It’s a common experience – you hop in the shower, wash up, and as soon as you step out, achoo! A sneeze comes out of nowhere. Or maybe it happens when you’re washing your hair or face. So what causes this post-shower sneezing? There are a few possible explanations.
The Nose Knows
One reason is the sensitizing effect water can have on the mucous membranes in the nose. The moist environment inside the shower loosens mucus and irritates nasal passages. As soon as that shower water stops flowing over your face, the drier external air entering your nose provokes a sneeze reflex.
Essentially, the nerves in your nose sense the change and stimulate sneezing to clear out any excess mucus. Sneezing helps protect and cleanse nasal passages. This reaction may also occur if you wash your face at a sink. Simply having your nose and nasal membranes exposed to moisture can set off that tickle-then-achoo reaction.
Sudden temperature changes may also promote sneezing after a shower. The warm water relaxes capillaries and opens blood vessels in nasal passages. When you turn off the water, the abrupt switch from a hot to colder ambient temperature constricts these blood vessels.
This rapid change activates trigeminal nerves that sense irritation and stimulate sneezing. You may be more prone to sneeze after a steaming hot shower since the temperature shift is greater. Cooler showers may not have the same effect on nasal nerves.
Certain inhaled irritants can cause sneezing by inducing histamine release in nasal tissues. Shower steam and spray contain microdroplets of chlorine and other chemicals that may trigger allergic reactions. Even fragrances in soaps, shampoos, and cleansers can irritate sensitive membranes when inhaled.
As soon as you exit the shower, these allergens are gone, but they’ve already kicked histamines into gear. The result is a round of sneezes until your nose clears out the irritating chemicals. This reaction is more likely if you have chronic allergies or nasal inflammation.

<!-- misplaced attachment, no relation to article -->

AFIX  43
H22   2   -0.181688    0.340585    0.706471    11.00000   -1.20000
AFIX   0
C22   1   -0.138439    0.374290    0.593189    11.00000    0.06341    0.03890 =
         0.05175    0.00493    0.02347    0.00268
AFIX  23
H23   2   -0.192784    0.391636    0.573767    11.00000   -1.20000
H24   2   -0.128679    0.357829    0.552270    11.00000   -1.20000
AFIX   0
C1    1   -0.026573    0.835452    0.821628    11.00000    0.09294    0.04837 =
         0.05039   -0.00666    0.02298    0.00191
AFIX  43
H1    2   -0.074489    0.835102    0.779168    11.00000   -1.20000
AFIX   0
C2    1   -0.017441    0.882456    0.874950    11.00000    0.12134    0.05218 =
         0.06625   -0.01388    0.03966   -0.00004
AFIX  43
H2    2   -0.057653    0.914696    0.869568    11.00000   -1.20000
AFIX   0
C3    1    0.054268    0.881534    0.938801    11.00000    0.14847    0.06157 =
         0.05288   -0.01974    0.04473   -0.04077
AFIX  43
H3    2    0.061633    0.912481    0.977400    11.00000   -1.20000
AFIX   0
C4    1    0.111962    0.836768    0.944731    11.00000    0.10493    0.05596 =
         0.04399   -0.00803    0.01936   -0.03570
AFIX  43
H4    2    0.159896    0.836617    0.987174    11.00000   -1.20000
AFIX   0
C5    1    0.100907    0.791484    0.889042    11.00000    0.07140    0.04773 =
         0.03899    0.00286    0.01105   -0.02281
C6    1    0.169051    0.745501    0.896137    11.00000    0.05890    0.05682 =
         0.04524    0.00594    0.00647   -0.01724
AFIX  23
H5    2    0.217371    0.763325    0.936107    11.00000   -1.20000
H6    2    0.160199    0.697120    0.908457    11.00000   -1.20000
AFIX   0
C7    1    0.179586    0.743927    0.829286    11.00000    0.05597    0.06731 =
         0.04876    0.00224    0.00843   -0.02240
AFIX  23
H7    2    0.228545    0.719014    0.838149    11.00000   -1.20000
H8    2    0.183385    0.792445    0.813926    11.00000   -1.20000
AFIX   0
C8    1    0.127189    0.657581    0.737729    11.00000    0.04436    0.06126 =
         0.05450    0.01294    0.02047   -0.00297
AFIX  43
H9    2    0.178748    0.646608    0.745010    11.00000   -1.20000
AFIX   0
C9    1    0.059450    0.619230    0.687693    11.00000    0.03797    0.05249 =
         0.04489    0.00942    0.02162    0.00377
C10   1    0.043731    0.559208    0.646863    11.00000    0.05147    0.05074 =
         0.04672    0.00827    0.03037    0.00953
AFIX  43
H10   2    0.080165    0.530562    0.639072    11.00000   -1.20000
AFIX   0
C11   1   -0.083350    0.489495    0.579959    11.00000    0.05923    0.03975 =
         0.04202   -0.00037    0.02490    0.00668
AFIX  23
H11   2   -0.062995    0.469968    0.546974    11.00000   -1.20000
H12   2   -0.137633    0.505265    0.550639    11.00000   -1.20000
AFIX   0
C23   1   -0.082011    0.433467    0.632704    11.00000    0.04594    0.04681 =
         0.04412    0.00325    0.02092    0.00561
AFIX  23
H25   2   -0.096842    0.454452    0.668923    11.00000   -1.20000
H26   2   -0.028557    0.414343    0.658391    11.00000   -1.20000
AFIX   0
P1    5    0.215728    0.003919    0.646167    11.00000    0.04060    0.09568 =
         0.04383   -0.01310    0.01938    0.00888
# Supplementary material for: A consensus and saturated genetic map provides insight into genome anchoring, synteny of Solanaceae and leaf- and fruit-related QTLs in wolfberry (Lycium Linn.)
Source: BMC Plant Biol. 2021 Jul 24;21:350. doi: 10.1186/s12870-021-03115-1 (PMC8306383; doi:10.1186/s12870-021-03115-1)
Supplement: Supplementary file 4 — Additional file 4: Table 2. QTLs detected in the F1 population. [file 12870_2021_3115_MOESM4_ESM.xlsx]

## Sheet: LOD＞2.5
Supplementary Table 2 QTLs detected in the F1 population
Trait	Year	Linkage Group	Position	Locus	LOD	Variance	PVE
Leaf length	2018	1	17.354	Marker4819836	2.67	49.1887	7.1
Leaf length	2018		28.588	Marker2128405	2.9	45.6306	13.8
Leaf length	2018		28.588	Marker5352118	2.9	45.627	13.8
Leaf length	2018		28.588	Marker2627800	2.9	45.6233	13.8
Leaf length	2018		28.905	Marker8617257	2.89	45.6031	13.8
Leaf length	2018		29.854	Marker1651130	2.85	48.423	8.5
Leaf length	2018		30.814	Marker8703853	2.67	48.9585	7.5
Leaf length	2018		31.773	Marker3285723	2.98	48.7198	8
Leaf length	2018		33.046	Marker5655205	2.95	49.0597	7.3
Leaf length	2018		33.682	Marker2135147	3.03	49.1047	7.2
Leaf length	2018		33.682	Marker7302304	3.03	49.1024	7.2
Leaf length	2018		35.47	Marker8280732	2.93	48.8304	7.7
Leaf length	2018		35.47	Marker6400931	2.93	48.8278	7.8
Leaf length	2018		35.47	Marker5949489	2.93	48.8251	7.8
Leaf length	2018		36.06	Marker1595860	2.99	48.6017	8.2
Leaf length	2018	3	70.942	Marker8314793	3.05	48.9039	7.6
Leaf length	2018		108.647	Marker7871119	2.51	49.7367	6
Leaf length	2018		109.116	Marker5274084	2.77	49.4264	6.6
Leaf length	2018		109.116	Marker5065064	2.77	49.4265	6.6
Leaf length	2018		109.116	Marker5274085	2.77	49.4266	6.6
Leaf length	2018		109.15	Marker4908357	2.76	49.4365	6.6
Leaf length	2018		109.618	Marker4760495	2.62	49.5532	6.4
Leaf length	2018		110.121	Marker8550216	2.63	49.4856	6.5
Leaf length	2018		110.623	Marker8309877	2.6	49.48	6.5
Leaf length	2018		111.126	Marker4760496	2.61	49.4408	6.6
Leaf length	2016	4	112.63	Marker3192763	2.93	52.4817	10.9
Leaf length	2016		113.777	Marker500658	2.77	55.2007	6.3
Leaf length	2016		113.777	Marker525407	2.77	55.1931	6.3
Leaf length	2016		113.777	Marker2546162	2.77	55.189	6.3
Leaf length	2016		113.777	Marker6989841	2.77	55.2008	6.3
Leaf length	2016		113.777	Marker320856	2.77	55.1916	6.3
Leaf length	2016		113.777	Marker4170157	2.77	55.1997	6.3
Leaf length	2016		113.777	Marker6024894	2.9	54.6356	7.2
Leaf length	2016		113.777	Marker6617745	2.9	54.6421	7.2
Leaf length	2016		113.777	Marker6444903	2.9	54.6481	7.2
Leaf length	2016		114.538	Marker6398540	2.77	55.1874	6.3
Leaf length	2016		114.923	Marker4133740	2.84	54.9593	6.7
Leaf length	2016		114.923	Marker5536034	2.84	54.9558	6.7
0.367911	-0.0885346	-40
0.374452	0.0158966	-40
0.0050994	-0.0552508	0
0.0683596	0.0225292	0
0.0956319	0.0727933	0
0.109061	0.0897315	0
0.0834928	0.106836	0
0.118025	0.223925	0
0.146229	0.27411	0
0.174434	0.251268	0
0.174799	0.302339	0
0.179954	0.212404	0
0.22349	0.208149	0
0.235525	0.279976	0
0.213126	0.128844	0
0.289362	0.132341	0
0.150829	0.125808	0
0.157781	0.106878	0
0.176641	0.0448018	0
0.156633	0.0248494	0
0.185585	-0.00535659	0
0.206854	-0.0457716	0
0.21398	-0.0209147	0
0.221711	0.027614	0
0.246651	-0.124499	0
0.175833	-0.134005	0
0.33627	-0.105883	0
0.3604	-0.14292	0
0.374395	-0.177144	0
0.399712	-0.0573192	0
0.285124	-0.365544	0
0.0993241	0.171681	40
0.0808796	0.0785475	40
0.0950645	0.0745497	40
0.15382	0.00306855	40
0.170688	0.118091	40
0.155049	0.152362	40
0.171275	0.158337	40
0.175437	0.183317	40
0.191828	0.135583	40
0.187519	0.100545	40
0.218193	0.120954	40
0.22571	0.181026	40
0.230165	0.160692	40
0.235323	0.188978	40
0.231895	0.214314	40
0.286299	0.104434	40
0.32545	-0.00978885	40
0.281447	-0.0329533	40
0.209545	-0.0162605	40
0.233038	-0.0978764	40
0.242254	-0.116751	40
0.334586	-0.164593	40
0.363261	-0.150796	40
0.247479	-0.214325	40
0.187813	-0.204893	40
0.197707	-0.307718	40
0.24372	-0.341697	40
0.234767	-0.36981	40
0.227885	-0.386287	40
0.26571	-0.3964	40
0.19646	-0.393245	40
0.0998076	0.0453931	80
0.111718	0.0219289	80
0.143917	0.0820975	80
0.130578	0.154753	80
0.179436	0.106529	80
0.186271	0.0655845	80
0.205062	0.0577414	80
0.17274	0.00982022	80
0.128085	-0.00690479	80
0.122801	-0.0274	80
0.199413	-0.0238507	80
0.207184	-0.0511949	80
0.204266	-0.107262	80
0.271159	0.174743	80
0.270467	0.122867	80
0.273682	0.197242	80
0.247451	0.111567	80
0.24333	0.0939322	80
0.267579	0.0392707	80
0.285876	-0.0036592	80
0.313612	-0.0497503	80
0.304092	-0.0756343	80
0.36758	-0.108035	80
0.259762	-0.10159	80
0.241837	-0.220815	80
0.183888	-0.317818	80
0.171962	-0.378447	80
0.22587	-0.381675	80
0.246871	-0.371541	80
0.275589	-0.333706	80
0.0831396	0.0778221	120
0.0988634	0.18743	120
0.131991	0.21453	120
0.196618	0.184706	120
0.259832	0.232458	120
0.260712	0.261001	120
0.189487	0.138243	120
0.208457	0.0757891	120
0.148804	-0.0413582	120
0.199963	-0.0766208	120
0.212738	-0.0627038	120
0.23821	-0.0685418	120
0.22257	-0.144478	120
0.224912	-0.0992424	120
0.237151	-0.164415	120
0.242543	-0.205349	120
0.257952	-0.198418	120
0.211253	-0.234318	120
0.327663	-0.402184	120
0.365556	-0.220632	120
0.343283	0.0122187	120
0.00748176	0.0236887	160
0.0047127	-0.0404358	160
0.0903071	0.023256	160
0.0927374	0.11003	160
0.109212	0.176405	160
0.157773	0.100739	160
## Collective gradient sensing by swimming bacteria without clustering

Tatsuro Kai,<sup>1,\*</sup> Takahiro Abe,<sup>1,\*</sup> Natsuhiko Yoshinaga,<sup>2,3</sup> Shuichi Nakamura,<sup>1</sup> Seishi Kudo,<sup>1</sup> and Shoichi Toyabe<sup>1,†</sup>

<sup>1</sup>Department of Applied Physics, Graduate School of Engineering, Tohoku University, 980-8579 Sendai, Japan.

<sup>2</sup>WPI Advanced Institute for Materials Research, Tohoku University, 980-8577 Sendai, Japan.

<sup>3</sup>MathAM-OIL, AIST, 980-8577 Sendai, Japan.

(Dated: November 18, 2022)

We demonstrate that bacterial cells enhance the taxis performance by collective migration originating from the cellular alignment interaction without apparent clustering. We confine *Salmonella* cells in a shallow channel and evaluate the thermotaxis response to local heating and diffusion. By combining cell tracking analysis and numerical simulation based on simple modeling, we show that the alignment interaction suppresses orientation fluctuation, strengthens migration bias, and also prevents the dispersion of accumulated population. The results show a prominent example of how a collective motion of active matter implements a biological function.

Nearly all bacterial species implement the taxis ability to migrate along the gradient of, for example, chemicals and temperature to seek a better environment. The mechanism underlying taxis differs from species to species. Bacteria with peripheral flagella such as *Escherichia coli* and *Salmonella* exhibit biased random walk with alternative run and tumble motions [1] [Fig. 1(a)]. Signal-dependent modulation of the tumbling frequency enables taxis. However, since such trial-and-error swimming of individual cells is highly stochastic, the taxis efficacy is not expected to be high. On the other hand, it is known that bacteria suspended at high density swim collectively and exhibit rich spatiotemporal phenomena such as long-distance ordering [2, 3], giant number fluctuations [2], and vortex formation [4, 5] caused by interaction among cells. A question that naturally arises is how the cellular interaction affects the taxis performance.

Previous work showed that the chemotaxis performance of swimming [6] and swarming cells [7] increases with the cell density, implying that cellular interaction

Why Does Sneezing Occur?
Sneezing is an involuntary reflex and respiratory defense mechanism. When the trigeminal nerve extending into your nasal passages detects foreign particles or irritation, it stimulates a sneeze response. Sneezing forcefully expels mucus, irritants, and infectious agents from the nose and sinuses before they can cause harm.
Nasal mucosa contains mast cells loaded with histamine and other inflammatory mediators. Annoying agents in the nose trigger these mast cells to dump their contents into nasal tissues. Histamine stimulates nerve endings that relay signals to the sneeze center in your brainstem. This ultimately triggers a synchronized sneeze reflex.
Besides showers, some other common sneeze triggers include:
– Sudden exposure to bright sunlight, also known as the photic sneeze reflex
– Irritating substances like smoke, dust, or chemicals
– Colds, flu, and other respiratory infections that increase nasal mucus and inflammation
– Allergies to pollen, pet dander, mold, and other allergens
– Strong odors from foods, fragrances, or chemicals
When to See a Doctor
Frequent sneezing after showers may indicate overly sensitive nasal passages or an underlying condition like chronic sinusitis. See an allergist or ENT specialist if you have other worrisome symptoms like:
– Frequent congestion, sinus pressure, runny nose
– Recurring sinus infections
– Nasal obstruction or reduced sense of smell
– Swollen nasal passages, polyps, deformities
– Chronic postnasal drip
Diagnostic tests can pinpoint causes like allergies, anatomical defects, or chronic inflammation. Effective treatment is available for conditions leading to chronic sneezing and irritation.
In most cases, however, shower sneezing is benign and temporary. You can reduce irritation by keeping showers cooler, using fragrance-free products, and gently blowing your nose after bathing. Drying your nasal passages thoroughly before entering colder air may also help suppress that ack-choo urge.